I am a typical junior leader in an ordinary line unit—one that mirrors the fiscal year 2020 demographic profile across the active Army—in that I am one of thousands of leaders charged with addressing extremism through classes and conversations throughout the defense secretary’s 60-day stand-down. He issued his memorandum a month after the Jan. 6 attack at the Capitol.
NPR reported that 14.6% of the people charged for their involvement in the Capitol attack have a military or law enforcement background.
On day 30 of the stand-down, the hands of the few soldiers who knew about McVeigh slowly lowered and the group collectively took a breath as we attempted to address in one hour what the Army has been tackling for 30 years. The conversation highlighted a decades-long undercurrent that has surfaced periodically and violently, one that demands a more thorough examination.
The strength of addressing extremism lies in data—I wish I had more of it. In June 2020, the Army released a comprehensive report on extremism in the military. While this data narrows the conversation, the report’s examples are immaterial to the events on Jan. 6. The document states, in part, that “the greatest threat emanates from anti-government extremism,” but offers “militia extremism” only as a broad category with no specifics of whom that might include.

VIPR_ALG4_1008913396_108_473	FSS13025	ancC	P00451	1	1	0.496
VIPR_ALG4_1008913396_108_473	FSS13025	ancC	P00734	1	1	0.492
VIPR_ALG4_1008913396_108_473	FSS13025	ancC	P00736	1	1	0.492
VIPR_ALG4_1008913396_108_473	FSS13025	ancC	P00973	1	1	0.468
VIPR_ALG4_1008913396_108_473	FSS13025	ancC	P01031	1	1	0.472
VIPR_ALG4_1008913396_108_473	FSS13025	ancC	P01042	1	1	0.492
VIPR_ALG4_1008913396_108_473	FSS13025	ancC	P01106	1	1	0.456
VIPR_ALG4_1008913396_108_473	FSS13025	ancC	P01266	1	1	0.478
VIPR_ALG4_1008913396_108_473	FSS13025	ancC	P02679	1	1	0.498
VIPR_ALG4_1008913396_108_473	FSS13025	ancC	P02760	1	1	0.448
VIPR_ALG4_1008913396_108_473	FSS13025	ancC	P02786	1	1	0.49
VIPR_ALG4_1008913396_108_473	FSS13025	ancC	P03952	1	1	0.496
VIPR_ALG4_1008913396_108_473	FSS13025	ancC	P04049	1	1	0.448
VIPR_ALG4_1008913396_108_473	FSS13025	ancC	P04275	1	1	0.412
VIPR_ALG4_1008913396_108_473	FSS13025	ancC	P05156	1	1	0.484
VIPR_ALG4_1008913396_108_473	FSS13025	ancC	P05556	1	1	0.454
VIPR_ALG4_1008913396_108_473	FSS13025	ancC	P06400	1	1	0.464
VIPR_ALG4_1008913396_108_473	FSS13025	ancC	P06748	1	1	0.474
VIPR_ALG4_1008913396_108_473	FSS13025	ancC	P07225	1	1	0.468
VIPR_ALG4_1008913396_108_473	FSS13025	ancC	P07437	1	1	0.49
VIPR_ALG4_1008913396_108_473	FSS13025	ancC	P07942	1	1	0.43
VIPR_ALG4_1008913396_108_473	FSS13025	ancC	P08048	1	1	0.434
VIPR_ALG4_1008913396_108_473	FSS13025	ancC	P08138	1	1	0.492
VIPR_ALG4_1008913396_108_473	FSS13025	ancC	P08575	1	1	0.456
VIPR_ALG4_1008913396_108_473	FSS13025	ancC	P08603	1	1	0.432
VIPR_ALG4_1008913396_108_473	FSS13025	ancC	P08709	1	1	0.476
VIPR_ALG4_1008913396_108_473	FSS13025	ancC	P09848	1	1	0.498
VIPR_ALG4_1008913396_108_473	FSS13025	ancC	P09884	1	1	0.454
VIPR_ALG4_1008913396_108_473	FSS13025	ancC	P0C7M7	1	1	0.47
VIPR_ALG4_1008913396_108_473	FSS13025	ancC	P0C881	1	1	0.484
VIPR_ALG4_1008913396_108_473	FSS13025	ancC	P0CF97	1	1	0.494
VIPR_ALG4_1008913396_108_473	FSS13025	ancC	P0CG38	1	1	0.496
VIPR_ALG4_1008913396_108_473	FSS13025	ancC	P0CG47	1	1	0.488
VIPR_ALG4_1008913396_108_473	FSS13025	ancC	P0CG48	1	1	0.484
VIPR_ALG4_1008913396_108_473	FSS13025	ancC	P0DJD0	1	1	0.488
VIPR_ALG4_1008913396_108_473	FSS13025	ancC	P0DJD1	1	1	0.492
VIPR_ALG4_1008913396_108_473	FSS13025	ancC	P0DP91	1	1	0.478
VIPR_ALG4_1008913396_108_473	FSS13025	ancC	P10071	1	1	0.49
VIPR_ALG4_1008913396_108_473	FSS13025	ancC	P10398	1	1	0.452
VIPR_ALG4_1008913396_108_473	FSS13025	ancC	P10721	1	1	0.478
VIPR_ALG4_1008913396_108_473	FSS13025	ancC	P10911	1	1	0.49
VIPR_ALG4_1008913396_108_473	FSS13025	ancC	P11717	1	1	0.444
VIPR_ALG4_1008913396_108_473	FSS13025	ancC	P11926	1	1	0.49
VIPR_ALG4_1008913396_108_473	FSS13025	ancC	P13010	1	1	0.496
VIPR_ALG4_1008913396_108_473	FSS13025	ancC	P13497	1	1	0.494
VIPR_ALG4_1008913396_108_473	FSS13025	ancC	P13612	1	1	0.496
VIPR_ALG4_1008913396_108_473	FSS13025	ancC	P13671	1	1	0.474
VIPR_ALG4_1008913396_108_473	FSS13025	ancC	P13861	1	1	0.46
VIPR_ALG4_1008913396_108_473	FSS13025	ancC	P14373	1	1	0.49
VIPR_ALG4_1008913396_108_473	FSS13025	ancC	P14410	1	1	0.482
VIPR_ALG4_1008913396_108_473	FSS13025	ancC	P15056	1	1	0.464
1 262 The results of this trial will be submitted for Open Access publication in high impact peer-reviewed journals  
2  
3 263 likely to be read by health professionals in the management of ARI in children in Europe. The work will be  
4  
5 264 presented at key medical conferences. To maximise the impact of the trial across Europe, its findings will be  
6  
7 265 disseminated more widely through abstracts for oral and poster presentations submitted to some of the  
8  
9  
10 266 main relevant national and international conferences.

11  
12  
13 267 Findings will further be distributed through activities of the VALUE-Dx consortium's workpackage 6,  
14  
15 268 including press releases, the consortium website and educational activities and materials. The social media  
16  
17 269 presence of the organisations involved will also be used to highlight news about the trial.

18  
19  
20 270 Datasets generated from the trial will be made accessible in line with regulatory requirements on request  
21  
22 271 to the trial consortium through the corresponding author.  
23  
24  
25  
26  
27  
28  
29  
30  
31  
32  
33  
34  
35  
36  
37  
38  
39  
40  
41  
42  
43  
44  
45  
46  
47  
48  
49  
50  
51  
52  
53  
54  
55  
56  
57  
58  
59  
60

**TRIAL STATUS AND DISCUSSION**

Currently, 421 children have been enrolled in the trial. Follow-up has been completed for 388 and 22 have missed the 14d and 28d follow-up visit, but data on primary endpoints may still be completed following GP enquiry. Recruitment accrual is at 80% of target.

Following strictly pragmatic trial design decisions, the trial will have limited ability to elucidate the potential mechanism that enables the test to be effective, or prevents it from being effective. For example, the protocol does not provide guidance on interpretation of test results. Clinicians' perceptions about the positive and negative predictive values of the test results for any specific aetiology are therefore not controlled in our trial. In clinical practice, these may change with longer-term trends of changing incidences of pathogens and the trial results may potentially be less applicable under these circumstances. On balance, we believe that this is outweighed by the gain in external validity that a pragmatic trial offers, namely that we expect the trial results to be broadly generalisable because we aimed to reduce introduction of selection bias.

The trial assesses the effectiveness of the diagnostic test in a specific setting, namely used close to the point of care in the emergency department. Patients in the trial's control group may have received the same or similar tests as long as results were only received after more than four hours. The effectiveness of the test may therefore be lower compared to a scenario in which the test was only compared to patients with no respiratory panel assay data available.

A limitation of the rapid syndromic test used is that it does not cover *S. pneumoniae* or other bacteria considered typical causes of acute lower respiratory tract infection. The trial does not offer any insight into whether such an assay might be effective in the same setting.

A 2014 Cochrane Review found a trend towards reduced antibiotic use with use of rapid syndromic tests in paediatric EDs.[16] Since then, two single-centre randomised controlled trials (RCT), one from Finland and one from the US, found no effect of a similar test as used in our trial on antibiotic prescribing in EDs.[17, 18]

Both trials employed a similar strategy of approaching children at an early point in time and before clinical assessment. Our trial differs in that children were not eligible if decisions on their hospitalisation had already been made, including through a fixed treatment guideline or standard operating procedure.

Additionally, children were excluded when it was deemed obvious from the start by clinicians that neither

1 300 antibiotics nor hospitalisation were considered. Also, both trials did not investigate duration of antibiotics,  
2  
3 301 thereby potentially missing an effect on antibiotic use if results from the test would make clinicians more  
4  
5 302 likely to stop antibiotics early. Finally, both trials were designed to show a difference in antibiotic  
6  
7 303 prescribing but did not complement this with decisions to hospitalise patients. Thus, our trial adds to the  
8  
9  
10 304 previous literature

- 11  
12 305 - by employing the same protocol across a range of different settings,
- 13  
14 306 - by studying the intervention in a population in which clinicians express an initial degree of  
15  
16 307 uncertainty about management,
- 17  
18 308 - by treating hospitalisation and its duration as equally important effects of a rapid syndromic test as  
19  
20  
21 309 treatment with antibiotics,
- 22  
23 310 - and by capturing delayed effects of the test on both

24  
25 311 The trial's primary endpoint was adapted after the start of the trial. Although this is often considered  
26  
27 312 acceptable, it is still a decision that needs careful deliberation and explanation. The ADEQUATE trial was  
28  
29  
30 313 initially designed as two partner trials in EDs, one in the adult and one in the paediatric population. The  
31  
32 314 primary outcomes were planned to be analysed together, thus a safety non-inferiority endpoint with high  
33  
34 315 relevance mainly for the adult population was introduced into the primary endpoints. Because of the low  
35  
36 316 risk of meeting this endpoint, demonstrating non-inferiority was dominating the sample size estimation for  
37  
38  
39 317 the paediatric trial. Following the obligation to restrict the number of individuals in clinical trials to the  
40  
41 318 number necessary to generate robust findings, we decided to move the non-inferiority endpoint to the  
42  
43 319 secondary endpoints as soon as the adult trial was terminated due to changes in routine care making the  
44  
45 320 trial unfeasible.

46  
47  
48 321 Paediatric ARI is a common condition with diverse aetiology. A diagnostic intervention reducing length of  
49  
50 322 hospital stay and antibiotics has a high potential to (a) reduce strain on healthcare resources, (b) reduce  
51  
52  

The final appendix is dedicated to extremist symbology but exclusively focuses on white nationalist groups like Atomwaffen—and doesn’t mention groups like QAnon, the Oath Keepers, or the Boogaloo movement, monikers for ideologies whose core tenets are anti-government, who actively recruit or have a military following, and who were participants in the Jan. 6 insurrection. Beyond the recent examples, the Army defines extremism thoroughly, to include harboring racist ideologies and “participating in activities advocating or teaching the overthrow of the U.S. Government by force or violence.”
So, we examined what that definition might look like and we didn’t have to search far: In the case below, a watchdog group identified a soldier from our unit as an extremist based on his online activity.
I redacted any identifying information, but the point was probably moot. Many soldiers in the classroom had worked with this individual up until his separation from the Army in 2019.
The Uniform Code of Military Justice does not have a specific article for separation that addresses extremism. While that may give commanders several options to criminally charge extremism, it also means the Army does not have data for how many service members have been separated for extremist activity.
We talked about our former soldier’s obvious regulatory violations, but went deeper: “What are some other problems with this case?” I asked.
One soldier was embarrassed that a third party had to identify the service member, rather than the unit identifying it internally, he said.
Others noted how this public document could compromise his future employment.